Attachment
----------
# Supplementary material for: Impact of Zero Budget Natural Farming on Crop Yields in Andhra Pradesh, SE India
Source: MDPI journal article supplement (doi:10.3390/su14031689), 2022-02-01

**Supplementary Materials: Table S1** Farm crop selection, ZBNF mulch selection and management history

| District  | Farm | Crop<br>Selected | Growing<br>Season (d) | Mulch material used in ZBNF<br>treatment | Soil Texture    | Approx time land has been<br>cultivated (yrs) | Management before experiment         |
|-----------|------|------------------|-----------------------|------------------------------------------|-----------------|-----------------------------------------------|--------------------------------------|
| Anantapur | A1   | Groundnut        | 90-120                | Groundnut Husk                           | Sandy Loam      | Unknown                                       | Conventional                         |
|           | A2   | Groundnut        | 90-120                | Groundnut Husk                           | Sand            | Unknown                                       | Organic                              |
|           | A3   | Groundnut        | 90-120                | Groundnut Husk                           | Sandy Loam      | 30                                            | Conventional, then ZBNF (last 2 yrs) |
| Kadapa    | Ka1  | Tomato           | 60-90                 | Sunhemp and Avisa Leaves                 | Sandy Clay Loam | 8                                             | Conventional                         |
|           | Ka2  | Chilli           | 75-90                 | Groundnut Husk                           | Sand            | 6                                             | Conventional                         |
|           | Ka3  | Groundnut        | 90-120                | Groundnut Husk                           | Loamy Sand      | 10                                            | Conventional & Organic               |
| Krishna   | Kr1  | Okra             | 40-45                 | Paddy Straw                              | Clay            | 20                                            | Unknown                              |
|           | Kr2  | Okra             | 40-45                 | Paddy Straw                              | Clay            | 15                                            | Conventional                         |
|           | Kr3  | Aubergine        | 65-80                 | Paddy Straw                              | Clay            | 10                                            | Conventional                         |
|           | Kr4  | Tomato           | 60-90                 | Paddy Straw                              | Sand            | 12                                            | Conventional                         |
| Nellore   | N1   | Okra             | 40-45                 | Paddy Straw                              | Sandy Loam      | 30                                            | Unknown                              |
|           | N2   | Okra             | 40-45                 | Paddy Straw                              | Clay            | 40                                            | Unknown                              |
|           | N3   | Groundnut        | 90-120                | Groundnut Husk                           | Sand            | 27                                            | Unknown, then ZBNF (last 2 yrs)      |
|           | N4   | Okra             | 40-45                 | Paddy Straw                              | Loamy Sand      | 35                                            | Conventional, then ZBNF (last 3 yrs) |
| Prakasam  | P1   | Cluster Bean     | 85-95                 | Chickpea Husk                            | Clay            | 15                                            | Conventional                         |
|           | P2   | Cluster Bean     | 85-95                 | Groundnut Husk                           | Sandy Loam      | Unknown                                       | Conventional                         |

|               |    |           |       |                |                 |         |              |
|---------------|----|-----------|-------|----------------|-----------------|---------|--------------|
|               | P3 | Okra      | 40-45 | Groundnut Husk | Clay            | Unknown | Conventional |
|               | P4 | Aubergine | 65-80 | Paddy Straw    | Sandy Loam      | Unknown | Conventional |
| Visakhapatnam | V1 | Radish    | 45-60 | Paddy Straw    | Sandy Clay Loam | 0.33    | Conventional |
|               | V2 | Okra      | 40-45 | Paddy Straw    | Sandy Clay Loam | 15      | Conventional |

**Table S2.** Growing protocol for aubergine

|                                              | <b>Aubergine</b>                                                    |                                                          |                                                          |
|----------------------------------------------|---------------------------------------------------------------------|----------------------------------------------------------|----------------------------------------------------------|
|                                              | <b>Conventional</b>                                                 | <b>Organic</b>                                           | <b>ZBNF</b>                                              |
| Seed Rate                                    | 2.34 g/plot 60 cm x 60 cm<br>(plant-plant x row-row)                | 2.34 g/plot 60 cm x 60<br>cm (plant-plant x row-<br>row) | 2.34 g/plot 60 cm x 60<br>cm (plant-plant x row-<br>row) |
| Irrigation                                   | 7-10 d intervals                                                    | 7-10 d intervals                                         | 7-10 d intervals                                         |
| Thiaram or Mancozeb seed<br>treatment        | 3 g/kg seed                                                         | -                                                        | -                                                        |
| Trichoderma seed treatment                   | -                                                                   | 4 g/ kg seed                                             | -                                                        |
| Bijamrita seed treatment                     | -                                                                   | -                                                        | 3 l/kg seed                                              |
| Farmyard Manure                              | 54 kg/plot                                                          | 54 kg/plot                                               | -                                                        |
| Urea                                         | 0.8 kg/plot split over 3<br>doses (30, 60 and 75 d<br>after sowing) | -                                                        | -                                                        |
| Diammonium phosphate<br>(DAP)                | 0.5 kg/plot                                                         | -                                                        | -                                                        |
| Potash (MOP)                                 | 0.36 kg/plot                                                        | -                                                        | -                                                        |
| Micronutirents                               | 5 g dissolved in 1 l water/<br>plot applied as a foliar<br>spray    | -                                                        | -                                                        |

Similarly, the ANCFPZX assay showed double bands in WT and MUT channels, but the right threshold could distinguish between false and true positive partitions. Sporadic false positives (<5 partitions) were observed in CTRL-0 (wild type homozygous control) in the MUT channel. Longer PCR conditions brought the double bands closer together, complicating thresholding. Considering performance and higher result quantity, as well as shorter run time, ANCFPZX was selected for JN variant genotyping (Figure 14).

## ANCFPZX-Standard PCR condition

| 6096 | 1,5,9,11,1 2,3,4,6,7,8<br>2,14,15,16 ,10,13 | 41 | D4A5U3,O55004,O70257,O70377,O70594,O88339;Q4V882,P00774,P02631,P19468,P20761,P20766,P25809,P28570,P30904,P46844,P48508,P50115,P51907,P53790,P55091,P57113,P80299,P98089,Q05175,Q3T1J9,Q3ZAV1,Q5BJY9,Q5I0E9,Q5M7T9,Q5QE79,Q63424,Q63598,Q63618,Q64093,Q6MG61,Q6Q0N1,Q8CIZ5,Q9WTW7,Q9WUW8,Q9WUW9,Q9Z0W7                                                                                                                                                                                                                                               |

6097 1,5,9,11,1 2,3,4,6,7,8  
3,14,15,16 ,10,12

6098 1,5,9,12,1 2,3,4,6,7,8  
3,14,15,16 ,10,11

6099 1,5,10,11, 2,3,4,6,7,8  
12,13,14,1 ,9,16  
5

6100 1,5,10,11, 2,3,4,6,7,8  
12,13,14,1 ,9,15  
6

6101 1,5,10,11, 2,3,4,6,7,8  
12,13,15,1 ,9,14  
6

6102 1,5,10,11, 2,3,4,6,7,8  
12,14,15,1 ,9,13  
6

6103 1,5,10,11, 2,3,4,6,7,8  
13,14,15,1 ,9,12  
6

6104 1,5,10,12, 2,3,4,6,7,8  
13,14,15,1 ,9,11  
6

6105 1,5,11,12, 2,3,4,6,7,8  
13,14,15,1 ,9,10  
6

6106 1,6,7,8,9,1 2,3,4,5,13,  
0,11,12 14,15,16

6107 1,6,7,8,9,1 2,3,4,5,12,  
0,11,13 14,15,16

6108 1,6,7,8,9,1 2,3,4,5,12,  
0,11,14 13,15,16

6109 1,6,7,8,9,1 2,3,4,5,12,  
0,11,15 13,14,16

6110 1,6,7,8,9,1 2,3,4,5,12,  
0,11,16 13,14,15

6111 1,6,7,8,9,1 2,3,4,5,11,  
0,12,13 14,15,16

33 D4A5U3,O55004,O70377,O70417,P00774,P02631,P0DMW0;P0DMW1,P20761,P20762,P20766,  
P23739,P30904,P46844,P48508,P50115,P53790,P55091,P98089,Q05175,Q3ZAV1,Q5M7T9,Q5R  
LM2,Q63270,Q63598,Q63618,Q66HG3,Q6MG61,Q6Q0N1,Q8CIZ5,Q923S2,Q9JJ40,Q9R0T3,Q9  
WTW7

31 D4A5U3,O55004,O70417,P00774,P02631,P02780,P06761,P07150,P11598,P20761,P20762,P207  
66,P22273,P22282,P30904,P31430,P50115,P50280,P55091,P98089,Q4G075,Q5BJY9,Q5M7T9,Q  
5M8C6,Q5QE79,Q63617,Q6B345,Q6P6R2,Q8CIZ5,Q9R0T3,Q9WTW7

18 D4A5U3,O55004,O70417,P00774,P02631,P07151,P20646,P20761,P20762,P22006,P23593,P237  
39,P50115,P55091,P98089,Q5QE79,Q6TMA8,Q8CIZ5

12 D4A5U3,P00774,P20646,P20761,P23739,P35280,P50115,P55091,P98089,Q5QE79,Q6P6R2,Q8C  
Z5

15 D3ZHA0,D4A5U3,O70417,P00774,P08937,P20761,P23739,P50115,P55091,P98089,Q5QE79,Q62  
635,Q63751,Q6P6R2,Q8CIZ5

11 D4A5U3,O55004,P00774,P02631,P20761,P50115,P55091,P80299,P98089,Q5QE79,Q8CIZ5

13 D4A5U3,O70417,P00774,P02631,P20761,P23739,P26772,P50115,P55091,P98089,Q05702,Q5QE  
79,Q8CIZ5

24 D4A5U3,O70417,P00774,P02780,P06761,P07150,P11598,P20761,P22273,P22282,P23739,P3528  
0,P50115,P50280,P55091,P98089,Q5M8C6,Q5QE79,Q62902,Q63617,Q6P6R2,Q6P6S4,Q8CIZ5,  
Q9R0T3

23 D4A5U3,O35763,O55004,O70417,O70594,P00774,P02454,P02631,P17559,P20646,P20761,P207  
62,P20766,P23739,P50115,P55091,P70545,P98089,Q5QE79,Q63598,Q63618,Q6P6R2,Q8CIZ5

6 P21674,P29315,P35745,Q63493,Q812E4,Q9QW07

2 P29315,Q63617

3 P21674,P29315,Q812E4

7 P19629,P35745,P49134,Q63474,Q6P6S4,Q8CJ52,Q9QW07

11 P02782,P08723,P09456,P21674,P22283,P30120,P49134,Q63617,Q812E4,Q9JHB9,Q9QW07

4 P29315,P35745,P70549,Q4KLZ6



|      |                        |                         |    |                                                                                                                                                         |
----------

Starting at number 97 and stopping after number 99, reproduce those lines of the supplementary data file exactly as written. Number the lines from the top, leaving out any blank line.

79,Q8CIZ5

24 D4A5U3,O70417,P00774,P02780,P06761,P07150,P11598,P20761,P22273,P22282,P23739,P3528  
0,P50115,P50280,P55091,P98089,Q5M8C6,Q5QE79,Q62902,Q63617,Q6P6R2,Q6P6S4,Q8CIZ5,  